Why is this week different from all other weeks? Because this week hundreds of thousands of Jewish and Christian soldiers - -liberators, not conquerors - are celebrating Passover and Easter in the Middle East. The Jews rejoice in the liberation of Iraq, as they recall their ancient liberation from the Pharaoh. Christians attest to the renewal of a hideously abused nation, renewal in the spirit of their belief in the Resurrection.
Jewish soldiers received cans of matzo ball soup and gefilte fish. Greek Orthodox Christians will enjoy red-dyed eggs. Military regulations prohibit alcohol but permit sacramental wines for the Passover Seder and the Catholic masses.
Judeo-Christian values are hyphenated and indelibly linked in mutual respect among Americans. It was not always so and we can all exult in the celebration of our common values today. Although American soldiers are among Muslims who do not usually understand religious freedom, they celebrate their religious observances. "I know of no religious restrictions on our military personnel," says Captain Stewart Upton, a spokesman for the U.S. Central Command in Doha, Qatar. More than 300 military chaplains representing many different faiths, tend the souls of American soldiers in Kuwait and Iraq. They testify to the enduring rights of all Americans as set forth "by their Creator."
So glorious is our concept of separation of church and state, rooted in religious tolerance for all that it sometimes suffers from distortion and even willful misconception. The most recent example is in reaction to remarks made by Rod Paige, secretary of education. "All things being equal," Mr. Paige told the Baptist Press, "I would prefer to have a child in a school where there's a strong appreciation for values, the kind of values that I think are associated with the Christian communities, so that this child can be brought up in an environment that teaches them to have strong faith."
Rev. Barry Lynn, executive director of Americans United for Separation of Church and State, a Henny-Penny who often sees the wall between church and state as falling, asked the secretary to repudiate his remarks or resign. Sen. Edward Kennedy, always looking for an exhibitionist way to show that his Catholicism never interferes with his politics, asked him to repudiate the divisive comments and reaffirm a commitment to students of all religions. Sandra Feldman, head of the American Federation of Teachers, joined the choir.
Bill Bennett, the former education secretary under Ronald Reagan, got it right. The values Rod Paige talks about include "helping your neighbor, visiting the sick, feeding the hunger, clothing the naked." He asks, "Who's opposed to that?"
It's no secret that public schools these days offer a chaos of values, a veritable Tower of Babel and that increasing numbers of students attend religious schools or are home-schooled in direct reaction to the public schools' straitjacket of political correctness. What Secretary Paige said is quite obvious to anyone who sees what's going on in secondary schools, colleges and universities.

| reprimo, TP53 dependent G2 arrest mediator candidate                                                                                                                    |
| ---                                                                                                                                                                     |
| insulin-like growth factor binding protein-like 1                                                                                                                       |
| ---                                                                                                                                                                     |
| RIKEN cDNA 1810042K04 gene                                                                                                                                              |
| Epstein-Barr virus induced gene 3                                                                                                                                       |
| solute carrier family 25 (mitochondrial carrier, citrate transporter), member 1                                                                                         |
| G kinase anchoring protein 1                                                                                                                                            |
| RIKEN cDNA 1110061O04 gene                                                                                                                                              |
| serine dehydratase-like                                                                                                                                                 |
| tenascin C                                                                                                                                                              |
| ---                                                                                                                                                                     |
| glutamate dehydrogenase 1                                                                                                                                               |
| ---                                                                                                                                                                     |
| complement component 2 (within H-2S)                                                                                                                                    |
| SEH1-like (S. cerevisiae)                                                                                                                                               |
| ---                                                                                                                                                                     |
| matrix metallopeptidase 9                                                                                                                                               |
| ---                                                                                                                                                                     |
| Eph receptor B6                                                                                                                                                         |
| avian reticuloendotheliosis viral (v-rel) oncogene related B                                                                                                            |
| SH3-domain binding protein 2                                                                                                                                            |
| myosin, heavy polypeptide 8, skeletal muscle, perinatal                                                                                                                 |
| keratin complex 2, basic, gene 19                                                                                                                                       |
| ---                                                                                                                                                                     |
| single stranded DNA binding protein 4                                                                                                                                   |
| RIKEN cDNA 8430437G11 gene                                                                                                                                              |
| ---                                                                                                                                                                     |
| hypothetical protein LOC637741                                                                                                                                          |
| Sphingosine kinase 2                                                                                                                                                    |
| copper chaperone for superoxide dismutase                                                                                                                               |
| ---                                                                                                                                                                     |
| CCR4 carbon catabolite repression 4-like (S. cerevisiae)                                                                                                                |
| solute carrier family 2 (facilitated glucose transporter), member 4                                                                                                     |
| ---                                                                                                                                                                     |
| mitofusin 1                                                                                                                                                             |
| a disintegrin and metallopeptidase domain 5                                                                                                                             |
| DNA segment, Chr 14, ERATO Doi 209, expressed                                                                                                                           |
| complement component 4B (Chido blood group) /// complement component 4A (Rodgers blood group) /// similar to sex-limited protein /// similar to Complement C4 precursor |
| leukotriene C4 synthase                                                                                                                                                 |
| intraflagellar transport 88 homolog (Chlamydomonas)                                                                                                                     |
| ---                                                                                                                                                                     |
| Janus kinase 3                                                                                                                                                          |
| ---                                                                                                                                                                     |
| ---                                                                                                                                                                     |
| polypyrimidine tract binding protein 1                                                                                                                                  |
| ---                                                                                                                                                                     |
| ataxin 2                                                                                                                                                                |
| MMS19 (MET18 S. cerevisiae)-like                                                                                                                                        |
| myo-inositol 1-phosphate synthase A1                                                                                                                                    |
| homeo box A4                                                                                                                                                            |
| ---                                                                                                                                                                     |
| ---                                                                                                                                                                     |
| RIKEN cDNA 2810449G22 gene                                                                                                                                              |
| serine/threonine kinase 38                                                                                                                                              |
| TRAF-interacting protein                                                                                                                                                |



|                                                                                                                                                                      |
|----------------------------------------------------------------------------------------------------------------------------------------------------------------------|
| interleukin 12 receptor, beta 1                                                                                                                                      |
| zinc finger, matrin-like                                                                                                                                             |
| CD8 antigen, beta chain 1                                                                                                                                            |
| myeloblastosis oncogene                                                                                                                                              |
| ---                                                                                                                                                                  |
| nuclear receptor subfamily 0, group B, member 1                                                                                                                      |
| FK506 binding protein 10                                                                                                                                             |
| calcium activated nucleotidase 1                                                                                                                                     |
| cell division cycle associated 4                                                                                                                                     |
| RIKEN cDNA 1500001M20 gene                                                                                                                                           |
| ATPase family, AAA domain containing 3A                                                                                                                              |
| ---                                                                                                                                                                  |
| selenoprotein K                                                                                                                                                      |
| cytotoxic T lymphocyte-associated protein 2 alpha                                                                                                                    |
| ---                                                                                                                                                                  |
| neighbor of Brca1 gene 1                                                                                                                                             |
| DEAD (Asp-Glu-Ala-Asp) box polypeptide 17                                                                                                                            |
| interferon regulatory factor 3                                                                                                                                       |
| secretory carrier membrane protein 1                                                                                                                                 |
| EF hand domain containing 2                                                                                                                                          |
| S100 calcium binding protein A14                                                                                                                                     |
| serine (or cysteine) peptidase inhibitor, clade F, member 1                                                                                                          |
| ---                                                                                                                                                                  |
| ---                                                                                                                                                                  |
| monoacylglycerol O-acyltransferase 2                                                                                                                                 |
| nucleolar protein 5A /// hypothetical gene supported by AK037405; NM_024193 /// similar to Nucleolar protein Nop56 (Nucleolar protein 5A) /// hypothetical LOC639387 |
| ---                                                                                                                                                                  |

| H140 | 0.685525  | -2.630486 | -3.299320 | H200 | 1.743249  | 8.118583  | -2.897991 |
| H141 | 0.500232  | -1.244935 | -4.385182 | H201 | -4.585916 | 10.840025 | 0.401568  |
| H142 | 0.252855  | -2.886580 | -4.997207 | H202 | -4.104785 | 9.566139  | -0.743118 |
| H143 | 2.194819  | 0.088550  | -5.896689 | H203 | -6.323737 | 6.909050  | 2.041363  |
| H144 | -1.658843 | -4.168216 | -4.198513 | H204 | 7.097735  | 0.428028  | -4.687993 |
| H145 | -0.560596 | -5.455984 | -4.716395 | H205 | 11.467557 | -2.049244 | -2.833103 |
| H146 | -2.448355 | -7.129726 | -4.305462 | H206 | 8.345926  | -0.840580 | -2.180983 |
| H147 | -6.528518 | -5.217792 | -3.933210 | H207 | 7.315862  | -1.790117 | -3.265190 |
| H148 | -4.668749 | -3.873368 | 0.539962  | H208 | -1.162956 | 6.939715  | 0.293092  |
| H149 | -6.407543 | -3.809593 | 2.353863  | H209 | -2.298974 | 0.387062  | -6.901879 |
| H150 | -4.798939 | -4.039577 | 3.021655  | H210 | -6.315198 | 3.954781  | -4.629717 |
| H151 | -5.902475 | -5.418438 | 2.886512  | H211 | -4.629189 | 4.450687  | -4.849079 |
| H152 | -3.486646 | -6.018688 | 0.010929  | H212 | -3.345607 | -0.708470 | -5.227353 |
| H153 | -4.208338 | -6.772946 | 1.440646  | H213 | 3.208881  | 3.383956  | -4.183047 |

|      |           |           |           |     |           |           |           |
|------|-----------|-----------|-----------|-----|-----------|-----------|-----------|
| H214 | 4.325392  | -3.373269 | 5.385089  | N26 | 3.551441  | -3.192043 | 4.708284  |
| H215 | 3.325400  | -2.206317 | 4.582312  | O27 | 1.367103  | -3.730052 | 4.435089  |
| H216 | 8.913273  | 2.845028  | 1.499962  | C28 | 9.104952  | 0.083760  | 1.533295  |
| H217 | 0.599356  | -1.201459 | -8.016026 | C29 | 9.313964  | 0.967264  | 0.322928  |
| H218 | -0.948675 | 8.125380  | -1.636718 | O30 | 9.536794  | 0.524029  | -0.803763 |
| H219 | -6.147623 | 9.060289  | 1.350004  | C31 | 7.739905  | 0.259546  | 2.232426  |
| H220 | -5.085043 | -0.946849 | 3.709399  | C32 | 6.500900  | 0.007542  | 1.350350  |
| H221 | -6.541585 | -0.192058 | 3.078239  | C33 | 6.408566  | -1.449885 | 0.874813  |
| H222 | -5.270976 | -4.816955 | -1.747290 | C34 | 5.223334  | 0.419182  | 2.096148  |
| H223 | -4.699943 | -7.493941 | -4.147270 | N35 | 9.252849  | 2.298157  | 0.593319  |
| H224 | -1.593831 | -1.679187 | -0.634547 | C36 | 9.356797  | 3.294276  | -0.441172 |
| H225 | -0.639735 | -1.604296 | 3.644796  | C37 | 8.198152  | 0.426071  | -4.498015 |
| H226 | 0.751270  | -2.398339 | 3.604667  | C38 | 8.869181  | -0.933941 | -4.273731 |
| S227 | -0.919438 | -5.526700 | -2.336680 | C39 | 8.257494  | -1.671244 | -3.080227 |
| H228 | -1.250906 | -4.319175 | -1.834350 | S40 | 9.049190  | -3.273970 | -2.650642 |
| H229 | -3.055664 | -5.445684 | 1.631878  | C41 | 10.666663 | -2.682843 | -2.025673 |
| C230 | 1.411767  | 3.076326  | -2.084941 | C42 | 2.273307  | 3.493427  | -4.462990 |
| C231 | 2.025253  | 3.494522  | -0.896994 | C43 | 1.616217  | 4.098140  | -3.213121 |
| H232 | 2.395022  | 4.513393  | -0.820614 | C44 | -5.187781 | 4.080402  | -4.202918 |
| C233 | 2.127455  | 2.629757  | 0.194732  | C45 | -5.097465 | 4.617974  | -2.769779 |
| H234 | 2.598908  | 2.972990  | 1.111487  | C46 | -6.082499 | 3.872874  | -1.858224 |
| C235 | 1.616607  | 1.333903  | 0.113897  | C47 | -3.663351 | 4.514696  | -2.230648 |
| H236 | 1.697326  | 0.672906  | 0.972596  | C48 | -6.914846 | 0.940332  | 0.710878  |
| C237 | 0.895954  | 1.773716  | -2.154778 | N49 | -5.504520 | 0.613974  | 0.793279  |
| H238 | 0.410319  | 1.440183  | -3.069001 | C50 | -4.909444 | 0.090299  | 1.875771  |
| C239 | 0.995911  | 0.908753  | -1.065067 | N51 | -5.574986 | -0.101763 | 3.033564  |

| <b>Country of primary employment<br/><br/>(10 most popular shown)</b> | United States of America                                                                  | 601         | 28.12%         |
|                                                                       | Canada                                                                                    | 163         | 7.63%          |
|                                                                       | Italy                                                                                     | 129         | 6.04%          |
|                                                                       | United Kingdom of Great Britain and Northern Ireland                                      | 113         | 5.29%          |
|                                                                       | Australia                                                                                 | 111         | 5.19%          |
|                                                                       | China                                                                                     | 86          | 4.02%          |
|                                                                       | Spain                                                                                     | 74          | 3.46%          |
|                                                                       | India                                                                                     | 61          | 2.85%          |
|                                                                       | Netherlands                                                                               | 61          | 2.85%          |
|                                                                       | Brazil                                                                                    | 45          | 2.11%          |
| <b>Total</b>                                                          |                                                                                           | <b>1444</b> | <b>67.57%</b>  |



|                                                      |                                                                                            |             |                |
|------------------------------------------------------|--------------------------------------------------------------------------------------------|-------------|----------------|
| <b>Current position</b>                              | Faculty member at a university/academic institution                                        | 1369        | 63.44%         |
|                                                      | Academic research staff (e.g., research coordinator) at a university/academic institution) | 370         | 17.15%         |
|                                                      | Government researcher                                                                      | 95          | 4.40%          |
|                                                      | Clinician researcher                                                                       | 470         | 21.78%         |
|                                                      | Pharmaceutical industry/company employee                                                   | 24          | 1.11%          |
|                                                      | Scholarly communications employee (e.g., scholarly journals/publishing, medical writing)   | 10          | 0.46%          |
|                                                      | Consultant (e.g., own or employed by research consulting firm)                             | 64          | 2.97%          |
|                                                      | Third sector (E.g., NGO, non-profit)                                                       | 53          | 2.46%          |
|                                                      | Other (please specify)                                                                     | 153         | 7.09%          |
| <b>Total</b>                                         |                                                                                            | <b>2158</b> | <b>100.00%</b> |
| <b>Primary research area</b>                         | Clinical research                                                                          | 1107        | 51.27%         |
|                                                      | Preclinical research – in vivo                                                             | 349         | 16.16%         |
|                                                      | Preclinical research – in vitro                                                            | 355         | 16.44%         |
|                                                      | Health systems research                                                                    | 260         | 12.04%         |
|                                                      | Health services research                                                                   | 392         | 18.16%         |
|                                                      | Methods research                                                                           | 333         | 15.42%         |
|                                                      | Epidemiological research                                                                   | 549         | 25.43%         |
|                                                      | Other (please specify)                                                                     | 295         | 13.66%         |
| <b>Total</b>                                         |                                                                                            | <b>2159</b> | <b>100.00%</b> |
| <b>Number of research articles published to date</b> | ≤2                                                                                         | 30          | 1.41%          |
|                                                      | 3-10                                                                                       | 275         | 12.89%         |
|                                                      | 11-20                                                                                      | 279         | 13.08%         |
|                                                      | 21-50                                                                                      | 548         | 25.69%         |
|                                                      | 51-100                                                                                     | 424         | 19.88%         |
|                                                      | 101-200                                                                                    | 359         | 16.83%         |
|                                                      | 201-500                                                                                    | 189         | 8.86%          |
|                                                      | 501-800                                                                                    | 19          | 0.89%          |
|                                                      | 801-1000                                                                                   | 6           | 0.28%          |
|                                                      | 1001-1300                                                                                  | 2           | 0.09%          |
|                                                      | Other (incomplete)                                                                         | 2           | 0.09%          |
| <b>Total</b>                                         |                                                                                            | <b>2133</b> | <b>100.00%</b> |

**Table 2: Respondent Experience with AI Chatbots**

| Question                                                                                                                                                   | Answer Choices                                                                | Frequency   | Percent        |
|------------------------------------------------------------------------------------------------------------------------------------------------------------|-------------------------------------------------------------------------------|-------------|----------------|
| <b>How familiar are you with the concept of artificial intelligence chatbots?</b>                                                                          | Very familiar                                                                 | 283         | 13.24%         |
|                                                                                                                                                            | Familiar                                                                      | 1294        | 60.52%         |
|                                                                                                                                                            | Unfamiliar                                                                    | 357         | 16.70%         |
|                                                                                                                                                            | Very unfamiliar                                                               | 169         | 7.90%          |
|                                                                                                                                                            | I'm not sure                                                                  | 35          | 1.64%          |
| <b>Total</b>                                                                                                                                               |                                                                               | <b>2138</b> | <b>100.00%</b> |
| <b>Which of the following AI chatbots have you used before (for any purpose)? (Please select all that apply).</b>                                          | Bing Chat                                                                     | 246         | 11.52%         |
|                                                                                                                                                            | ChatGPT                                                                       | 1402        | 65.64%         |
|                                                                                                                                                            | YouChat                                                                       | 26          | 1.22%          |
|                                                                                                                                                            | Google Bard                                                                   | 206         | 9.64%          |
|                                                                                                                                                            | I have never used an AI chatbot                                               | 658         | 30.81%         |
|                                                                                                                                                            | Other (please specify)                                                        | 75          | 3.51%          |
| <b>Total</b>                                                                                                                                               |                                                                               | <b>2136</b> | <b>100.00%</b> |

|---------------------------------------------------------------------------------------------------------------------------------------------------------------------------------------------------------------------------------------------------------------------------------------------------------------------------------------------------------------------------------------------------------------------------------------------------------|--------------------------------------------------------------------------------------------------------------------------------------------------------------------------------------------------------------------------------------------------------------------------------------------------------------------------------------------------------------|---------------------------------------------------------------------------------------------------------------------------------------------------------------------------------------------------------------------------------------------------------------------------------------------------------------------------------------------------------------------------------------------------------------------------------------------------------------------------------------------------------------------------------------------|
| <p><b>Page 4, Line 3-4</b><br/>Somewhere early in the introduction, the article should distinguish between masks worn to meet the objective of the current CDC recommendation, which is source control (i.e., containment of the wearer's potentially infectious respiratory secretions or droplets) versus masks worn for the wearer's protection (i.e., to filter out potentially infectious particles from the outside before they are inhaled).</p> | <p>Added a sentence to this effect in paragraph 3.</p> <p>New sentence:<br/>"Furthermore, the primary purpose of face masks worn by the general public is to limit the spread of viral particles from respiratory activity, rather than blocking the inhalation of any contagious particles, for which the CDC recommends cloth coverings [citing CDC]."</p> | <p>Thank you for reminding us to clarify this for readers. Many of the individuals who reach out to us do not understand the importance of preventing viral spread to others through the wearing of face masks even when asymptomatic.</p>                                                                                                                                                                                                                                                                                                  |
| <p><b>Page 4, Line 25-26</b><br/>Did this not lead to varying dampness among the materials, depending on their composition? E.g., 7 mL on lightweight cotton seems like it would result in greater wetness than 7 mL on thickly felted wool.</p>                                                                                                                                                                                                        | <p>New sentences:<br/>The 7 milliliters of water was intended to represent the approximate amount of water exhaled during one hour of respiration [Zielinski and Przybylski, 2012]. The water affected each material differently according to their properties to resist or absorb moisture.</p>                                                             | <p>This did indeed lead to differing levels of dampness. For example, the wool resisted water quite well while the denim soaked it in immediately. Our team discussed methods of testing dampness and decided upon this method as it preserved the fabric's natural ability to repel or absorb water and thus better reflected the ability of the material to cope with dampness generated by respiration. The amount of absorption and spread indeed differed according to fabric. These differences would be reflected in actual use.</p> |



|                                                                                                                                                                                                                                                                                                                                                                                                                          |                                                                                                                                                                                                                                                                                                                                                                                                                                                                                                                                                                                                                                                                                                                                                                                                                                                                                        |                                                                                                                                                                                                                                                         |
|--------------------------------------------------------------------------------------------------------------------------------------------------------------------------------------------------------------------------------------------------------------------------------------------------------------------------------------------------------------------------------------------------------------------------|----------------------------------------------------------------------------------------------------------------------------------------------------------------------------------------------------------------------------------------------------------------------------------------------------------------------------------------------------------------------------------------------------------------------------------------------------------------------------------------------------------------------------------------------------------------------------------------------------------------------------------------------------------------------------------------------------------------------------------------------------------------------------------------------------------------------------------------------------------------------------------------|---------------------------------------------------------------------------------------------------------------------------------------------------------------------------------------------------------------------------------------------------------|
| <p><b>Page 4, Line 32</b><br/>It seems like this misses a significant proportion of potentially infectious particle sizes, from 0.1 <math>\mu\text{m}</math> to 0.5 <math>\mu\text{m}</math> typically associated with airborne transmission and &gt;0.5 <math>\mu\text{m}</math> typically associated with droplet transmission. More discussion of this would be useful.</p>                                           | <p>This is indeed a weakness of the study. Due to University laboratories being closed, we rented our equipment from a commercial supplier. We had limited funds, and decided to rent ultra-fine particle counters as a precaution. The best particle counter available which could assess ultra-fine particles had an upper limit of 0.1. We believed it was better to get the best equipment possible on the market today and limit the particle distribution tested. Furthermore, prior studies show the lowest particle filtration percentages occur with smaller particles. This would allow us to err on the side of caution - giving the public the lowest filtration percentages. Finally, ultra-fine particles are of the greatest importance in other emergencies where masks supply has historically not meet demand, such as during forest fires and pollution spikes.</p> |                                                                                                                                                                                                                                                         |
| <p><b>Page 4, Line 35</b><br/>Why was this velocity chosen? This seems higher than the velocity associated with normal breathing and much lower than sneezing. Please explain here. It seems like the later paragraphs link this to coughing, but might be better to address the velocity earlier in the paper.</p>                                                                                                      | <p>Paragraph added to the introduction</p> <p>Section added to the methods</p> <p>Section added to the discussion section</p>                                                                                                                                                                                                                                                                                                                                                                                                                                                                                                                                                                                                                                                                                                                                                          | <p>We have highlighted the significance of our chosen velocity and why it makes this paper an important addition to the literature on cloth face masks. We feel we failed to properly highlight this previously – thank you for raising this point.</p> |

"The reason that Christian schools and Christian universities are growing is a result of a strong value system," he said. " In a religious environment the value system is set. That's not the case in a public school, where there are so many different kids with different kinds of values." Should he have checked his observations at the schoolhouse door? The secretary has many times proven by his actions and bully pulpit that he promotes diversity no matter what religion or race.
While this silly controversy creates ripples deep in the shallows of what passes for secular high-mindedness, Harold Bloom, a literary scholar and a professor at Yale, announces that he will leave his huge collection of papers and books of American and British literature to St. Michael's, a small, relatively unknown Catholic college in Colchester, Vt. He cites several reasons, but crucial is his criticism of colleges and universities who deny the aesthetic and spiritual values inherent in great literature. They promote what he calls attitudes from "the school of resentment" found in Marxist, feminist and Afrocentric studies taught by deconstructionist scholars.
"With rare exceptions," he told The New York Times, "the universities and colleges in the English-speaking world that have sustained some sense of literature as a matter of powerful cognition and extraordinary aesthetic beauty tend to be the Roman Catholic Institutions."
To observe the way spiritual values influence teaching, whether in private or public institutions, hardly elevates one religion over another. His observation calls attention to the way different ideas flow through our culture in different ways, testifying to our freedom of thought and religion. That's why Christians and Jews in the military can enjoy a matzo ball or a red-dyed egg, at home or far away - and why this week in Iraq is different from all other weeks for lots of people of different faiths.